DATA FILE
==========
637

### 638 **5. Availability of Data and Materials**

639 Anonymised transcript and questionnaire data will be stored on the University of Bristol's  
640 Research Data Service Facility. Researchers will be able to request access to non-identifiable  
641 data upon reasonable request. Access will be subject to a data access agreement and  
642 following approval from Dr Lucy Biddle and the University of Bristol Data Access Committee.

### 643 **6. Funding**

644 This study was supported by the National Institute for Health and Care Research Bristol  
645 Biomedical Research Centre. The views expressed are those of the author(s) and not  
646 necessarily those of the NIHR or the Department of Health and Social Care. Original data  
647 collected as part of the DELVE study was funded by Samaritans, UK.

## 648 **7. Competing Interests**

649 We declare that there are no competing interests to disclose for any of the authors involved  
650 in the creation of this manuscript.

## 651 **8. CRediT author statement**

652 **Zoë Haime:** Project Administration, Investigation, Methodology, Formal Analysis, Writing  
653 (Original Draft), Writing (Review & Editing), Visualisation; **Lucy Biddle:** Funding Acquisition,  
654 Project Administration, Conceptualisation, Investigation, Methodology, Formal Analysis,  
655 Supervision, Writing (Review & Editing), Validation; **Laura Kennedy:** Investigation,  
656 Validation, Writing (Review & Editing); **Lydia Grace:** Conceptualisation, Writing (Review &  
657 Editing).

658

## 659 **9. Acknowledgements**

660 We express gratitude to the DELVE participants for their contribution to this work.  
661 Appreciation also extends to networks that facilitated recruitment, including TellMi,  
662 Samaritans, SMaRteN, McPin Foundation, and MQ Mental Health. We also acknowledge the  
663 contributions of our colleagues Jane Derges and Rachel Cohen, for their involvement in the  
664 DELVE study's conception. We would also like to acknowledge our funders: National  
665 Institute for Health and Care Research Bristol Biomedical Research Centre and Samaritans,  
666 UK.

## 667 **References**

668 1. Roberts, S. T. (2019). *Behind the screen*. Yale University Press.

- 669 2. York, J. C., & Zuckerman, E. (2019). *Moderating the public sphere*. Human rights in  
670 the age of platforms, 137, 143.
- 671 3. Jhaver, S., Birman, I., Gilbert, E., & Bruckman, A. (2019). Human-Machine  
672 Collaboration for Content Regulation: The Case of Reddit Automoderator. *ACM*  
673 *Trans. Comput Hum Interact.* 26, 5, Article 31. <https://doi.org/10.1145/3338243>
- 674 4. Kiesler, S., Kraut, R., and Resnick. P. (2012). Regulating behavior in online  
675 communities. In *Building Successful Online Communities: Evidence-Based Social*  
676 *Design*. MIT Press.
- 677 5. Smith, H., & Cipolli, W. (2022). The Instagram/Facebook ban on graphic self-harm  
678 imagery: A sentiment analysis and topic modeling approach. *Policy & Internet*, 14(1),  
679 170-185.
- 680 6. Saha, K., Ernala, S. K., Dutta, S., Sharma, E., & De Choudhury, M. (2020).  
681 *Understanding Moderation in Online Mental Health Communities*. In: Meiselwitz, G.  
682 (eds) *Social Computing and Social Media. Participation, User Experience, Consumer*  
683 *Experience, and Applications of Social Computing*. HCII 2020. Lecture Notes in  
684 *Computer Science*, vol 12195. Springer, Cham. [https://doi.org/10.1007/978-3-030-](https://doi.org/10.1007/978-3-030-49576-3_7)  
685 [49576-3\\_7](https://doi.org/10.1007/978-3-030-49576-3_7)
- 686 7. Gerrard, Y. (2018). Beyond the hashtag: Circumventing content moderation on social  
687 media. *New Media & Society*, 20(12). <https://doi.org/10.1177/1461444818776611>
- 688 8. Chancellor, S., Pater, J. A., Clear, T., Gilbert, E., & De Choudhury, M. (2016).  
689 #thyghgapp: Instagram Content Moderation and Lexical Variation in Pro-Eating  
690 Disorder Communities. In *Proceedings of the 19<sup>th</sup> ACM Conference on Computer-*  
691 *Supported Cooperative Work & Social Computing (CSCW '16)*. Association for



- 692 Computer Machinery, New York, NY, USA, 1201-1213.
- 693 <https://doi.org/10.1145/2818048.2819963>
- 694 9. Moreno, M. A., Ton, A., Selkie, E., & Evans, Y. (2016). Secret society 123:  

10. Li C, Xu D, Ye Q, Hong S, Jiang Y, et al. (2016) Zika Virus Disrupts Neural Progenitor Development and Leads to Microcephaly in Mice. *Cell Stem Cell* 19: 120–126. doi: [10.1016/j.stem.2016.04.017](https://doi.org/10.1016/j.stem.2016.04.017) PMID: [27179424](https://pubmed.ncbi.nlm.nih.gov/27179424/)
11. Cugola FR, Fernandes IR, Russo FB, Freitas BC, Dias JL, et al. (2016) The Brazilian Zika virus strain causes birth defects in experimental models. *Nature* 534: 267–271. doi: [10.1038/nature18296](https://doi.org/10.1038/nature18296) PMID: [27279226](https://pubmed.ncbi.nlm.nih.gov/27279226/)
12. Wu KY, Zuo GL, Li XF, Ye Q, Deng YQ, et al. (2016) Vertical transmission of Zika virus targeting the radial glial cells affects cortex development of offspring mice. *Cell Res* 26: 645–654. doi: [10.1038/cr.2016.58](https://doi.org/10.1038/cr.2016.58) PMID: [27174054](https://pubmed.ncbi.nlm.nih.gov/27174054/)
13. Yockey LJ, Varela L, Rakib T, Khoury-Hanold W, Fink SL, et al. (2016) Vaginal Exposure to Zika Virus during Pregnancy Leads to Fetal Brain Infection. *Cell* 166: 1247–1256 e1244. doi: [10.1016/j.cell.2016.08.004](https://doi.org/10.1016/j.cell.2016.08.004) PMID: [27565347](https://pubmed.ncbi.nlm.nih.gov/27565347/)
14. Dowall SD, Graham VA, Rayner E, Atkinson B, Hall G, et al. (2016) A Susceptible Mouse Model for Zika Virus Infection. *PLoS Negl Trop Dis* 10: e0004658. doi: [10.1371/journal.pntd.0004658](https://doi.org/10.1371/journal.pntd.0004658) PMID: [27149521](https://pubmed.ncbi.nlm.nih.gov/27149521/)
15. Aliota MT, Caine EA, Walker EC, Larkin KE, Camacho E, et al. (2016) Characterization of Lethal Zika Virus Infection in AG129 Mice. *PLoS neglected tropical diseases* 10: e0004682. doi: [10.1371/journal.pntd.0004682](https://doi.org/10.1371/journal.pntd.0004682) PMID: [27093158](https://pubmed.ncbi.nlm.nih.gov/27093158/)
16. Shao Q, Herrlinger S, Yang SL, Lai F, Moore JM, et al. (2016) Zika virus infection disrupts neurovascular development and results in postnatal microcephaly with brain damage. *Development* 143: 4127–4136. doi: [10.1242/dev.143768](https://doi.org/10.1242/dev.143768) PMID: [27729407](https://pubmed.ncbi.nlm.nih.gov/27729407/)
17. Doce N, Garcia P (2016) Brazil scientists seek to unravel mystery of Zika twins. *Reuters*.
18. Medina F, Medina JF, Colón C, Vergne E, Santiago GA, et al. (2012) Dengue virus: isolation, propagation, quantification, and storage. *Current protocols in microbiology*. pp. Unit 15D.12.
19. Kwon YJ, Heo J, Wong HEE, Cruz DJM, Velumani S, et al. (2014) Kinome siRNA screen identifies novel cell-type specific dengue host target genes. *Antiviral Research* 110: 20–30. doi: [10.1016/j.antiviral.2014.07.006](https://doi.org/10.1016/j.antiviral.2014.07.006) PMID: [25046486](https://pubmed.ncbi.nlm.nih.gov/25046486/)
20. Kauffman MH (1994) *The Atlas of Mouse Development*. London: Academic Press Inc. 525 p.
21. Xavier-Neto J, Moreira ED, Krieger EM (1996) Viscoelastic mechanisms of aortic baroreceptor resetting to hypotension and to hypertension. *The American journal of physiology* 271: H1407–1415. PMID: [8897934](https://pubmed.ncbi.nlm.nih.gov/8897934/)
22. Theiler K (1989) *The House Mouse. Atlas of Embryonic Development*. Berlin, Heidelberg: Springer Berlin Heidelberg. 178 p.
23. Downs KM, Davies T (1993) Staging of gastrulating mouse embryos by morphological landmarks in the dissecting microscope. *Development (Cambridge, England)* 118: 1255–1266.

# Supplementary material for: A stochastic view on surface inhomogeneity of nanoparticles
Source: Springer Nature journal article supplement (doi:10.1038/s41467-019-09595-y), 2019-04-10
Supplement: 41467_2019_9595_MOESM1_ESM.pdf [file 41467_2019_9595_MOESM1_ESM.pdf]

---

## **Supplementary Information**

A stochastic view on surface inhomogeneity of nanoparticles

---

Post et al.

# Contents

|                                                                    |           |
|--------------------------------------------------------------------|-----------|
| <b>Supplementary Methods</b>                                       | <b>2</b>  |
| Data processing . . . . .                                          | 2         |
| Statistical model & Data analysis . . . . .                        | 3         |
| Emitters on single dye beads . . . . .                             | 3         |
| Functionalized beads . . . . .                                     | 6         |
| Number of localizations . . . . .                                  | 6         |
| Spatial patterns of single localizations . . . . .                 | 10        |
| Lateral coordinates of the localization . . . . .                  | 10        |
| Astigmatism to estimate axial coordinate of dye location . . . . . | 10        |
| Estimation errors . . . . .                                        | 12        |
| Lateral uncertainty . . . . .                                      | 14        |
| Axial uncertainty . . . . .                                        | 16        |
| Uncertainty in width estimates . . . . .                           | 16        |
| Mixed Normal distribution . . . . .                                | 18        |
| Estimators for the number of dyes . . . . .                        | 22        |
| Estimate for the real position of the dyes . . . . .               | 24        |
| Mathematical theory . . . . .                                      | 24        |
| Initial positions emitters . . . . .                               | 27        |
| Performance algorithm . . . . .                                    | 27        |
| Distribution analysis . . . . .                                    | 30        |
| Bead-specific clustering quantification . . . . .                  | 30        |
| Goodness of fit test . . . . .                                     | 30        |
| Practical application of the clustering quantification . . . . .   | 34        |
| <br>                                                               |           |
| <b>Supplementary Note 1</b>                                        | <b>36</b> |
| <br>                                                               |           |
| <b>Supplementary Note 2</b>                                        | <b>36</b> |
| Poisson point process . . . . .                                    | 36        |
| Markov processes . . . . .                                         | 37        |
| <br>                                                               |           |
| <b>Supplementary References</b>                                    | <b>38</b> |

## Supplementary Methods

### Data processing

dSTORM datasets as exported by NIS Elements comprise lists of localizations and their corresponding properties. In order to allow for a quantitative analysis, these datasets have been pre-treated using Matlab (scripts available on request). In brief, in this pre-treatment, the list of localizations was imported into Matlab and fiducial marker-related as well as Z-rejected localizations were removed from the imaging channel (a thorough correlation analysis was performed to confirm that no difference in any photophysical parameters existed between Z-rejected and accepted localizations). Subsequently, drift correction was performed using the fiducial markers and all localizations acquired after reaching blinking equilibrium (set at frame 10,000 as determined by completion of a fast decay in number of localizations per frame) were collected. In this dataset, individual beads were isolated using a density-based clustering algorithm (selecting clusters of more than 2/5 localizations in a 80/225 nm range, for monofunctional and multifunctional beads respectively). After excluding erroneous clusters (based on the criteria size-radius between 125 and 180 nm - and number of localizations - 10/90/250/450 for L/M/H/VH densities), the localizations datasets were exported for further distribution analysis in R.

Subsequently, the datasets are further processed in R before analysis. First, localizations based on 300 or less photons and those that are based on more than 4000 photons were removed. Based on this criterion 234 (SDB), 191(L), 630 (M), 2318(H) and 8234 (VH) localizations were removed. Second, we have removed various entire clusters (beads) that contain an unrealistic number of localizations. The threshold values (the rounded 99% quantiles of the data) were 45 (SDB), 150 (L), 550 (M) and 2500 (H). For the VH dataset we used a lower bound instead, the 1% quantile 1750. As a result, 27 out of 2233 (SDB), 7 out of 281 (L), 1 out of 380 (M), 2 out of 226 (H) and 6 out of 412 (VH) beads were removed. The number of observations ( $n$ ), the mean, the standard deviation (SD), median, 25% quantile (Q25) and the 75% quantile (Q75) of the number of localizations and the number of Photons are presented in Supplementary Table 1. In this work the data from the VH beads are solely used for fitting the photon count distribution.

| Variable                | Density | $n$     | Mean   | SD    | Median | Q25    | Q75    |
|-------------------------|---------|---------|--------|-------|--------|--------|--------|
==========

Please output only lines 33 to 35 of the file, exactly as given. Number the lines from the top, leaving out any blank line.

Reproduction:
- 669 2. York, J. C., & Zuckerman, E. (2019). *Moderating the public sphere*. Human rights in  
670 the age of platforms, 137, 143.
- 671 3. Jhaver, S., Birman, I., Gilbert, E., & Bruckman, A. (2019). Human-Machine  